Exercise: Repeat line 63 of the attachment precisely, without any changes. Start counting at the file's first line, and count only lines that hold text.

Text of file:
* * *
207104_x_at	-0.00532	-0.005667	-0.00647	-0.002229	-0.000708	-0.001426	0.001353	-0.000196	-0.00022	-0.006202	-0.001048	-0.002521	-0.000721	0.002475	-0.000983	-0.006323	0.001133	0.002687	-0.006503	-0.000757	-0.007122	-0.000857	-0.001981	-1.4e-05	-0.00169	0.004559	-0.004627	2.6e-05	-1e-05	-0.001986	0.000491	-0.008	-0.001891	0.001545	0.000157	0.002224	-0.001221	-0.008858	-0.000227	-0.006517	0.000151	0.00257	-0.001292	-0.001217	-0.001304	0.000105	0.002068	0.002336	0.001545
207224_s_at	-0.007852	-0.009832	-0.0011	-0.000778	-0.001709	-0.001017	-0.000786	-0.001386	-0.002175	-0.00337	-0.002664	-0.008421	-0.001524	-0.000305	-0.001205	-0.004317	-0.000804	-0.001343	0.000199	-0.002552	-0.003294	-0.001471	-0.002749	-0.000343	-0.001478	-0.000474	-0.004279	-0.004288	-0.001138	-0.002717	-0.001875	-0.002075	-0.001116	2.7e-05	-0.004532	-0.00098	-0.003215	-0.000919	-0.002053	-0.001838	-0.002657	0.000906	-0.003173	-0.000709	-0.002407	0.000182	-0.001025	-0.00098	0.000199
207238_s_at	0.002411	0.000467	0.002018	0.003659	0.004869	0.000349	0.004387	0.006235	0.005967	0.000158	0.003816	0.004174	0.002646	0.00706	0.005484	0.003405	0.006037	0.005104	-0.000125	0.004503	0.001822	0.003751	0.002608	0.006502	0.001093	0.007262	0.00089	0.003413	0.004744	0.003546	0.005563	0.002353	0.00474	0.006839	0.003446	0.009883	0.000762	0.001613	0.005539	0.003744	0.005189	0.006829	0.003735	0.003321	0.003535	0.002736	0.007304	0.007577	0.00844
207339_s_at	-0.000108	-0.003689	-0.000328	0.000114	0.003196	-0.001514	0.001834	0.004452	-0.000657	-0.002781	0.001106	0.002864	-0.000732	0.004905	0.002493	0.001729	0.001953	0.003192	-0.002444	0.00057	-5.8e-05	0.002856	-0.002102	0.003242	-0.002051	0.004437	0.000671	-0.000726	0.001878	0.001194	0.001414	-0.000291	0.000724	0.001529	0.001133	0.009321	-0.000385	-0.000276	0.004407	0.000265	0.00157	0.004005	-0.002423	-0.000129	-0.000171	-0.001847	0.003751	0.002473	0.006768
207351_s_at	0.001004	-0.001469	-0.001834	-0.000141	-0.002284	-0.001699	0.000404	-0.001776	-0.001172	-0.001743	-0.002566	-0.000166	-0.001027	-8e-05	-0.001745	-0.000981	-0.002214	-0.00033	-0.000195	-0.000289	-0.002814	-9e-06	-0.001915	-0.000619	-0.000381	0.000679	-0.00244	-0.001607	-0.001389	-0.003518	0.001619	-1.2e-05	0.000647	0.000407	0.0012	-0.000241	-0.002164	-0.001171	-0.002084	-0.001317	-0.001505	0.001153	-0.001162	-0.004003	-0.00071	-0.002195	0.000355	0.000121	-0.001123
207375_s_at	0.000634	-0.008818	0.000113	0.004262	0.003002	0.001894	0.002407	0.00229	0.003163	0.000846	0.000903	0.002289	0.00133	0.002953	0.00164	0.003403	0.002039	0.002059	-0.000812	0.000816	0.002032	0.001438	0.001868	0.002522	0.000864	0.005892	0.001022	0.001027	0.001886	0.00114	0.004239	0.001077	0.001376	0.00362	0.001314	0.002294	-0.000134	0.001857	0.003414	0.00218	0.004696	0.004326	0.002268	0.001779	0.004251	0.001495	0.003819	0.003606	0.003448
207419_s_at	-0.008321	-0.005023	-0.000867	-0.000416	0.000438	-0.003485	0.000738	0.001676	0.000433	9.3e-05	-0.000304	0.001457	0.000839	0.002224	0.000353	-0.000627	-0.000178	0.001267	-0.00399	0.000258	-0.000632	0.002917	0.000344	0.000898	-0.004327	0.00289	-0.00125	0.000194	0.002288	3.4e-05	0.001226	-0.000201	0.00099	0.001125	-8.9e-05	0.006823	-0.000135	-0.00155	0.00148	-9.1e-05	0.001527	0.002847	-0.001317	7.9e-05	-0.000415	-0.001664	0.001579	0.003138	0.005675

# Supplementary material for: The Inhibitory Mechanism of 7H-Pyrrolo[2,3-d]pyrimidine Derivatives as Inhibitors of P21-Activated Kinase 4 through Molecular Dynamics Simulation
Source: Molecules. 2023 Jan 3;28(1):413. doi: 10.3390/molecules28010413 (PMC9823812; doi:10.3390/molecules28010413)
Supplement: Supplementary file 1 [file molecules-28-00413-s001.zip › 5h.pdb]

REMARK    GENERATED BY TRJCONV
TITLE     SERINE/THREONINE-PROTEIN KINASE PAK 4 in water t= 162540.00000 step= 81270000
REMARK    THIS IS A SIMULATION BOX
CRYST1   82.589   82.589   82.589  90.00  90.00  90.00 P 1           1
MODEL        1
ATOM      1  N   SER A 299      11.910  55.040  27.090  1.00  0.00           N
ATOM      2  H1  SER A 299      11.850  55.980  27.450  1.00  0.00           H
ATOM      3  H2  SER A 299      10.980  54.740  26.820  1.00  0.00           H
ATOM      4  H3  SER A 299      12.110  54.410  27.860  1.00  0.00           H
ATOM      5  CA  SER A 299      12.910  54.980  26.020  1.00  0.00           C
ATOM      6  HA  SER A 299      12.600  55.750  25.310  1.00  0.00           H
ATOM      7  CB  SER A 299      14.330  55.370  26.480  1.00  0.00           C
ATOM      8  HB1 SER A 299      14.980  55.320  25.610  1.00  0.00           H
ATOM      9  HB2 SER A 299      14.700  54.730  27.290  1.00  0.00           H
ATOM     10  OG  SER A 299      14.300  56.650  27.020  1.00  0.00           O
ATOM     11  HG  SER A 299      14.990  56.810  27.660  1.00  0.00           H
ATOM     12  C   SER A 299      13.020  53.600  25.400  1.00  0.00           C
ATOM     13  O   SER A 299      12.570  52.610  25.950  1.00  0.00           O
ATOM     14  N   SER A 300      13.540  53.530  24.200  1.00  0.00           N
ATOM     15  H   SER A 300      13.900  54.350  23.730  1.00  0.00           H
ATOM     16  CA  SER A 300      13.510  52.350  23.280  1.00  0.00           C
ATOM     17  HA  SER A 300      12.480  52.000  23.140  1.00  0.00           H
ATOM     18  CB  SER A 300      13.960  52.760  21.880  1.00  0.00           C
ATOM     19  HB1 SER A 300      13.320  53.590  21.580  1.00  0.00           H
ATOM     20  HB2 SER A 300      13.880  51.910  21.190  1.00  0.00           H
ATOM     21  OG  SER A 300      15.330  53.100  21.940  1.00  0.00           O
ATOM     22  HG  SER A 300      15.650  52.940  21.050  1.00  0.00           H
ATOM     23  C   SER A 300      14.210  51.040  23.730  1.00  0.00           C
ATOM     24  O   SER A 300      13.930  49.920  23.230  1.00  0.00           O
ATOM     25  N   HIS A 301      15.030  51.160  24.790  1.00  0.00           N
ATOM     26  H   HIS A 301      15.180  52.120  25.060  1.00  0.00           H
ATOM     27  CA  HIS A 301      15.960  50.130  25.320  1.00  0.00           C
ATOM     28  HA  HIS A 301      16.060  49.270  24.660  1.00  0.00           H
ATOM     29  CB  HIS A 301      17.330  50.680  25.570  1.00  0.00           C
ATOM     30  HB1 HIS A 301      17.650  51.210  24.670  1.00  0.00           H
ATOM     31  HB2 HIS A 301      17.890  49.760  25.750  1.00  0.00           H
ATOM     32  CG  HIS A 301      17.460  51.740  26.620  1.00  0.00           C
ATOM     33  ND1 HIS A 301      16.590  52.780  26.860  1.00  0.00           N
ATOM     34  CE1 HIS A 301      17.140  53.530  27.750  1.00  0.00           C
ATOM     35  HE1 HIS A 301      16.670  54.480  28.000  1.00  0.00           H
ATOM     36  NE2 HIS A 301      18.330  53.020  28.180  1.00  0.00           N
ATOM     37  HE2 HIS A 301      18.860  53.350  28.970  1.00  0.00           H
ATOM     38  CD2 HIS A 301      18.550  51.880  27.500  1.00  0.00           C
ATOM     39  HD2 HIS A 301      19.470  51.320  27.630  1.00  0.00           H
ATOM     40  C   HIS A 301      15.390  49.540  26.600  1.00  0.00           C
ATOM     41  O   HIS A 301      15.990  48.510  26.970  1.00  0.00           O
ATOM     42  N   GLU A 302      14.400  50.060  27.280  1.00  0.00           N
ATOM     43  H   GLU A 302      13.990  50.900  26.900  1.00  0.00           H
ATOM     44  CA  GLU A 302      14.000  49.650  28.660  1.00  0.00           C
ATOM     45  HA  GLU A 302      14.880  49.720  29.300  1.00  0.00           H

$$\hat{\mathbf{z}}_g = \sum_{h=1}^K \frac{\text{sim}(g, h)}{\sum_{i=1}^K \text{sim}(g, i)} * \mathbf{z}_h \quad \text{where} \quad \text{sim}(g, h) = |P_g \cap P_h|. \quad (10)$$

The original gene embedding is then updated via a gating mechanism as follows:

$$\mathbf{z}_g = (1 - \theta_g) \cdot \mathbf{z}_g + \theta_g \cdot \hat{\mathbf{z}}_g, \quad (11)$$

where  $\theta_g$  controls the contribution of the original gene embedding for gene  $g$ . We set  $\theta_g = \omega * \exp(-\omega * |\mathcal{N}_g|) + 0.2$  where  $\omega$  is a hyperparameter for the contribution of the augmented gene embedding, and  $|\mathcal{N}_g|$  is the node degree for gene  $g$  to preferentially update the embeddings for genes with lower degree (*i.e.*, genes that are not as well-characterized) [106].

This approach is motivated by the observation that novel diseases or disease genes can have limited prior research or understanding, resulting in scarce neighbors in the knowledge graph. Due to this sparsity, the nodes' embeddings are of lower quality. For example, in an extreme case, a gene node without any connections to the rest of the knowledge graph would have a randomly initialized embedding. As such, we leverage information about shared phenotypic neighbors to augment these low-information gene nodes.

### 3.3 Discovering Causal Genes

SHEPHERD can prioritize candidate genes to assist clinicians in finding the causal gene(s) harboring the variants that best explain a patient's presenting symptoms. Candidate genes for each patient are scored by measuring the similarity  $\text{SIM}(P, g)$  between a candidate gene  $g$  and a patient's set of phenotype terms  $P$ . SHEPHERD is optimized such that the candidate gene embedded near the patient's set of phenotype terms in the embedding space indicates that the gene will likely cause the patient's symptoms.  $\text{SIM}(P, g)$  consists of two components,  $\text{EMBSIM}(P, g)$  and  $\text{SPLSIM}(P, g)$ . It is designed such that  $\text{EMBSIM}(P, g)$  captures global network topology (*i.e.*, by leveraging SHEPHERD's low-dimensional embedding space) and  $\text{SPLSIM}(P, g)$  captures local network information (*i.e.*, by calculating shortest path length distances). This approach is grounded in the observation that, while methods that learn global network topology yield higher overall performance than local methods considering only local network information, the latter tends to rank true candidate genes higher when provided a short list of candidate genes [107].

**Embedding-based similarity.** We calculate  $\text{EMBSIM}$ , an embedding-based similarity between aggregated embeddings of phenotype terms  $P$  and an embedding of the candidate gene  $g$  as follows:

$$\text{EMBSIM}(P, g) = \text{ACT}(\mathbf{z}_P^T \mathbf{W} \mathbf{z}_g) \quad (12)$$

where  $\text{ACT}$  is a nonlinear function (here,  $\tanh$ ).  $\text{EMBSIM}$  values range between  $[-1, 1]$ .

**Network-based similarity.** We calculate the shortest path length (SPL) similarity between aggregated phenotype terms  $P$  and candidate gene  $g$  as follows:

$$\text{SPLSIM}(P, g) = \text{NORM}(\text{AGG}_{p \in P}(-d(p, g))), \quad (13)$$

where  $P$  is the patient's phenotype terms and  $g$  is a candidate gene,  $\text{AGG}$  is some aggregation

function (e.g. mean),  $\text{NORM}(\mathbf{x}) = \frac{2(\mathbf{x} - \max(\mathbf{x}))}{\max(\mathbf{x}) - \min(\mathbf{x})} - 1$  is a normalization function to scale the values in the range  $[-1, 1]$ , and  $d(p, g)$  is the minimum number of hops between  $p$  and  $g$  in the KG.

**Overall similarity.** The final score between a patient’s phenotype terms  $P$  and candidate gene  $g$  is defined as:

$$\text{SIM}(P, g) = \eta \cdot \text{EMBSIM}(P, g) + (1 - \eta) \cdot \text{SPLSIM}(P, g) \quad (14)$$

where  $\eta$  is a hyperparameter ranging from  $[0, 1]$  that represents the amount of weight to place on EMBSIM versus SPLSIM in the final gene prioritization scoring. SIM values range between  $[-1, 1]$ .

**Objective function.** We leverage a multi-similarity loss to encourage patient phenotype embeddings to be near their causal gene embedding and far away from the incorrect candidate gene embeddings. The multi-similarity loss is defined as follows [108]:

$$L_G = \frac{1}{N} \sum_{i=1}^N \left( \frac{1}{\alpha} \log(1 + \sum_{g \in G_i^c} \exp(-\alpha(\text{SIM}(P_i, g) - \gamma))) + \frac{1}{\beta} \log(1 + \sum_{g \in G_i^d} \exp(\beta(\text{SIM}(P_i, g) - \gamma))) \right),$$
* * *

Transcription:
$$\mathbf{z}_g = (1 - \theta_g) \cdot \mathbf{z}_g + \theta_g \cdot \hat{\mathbf{z}}_g, \quad (11)$$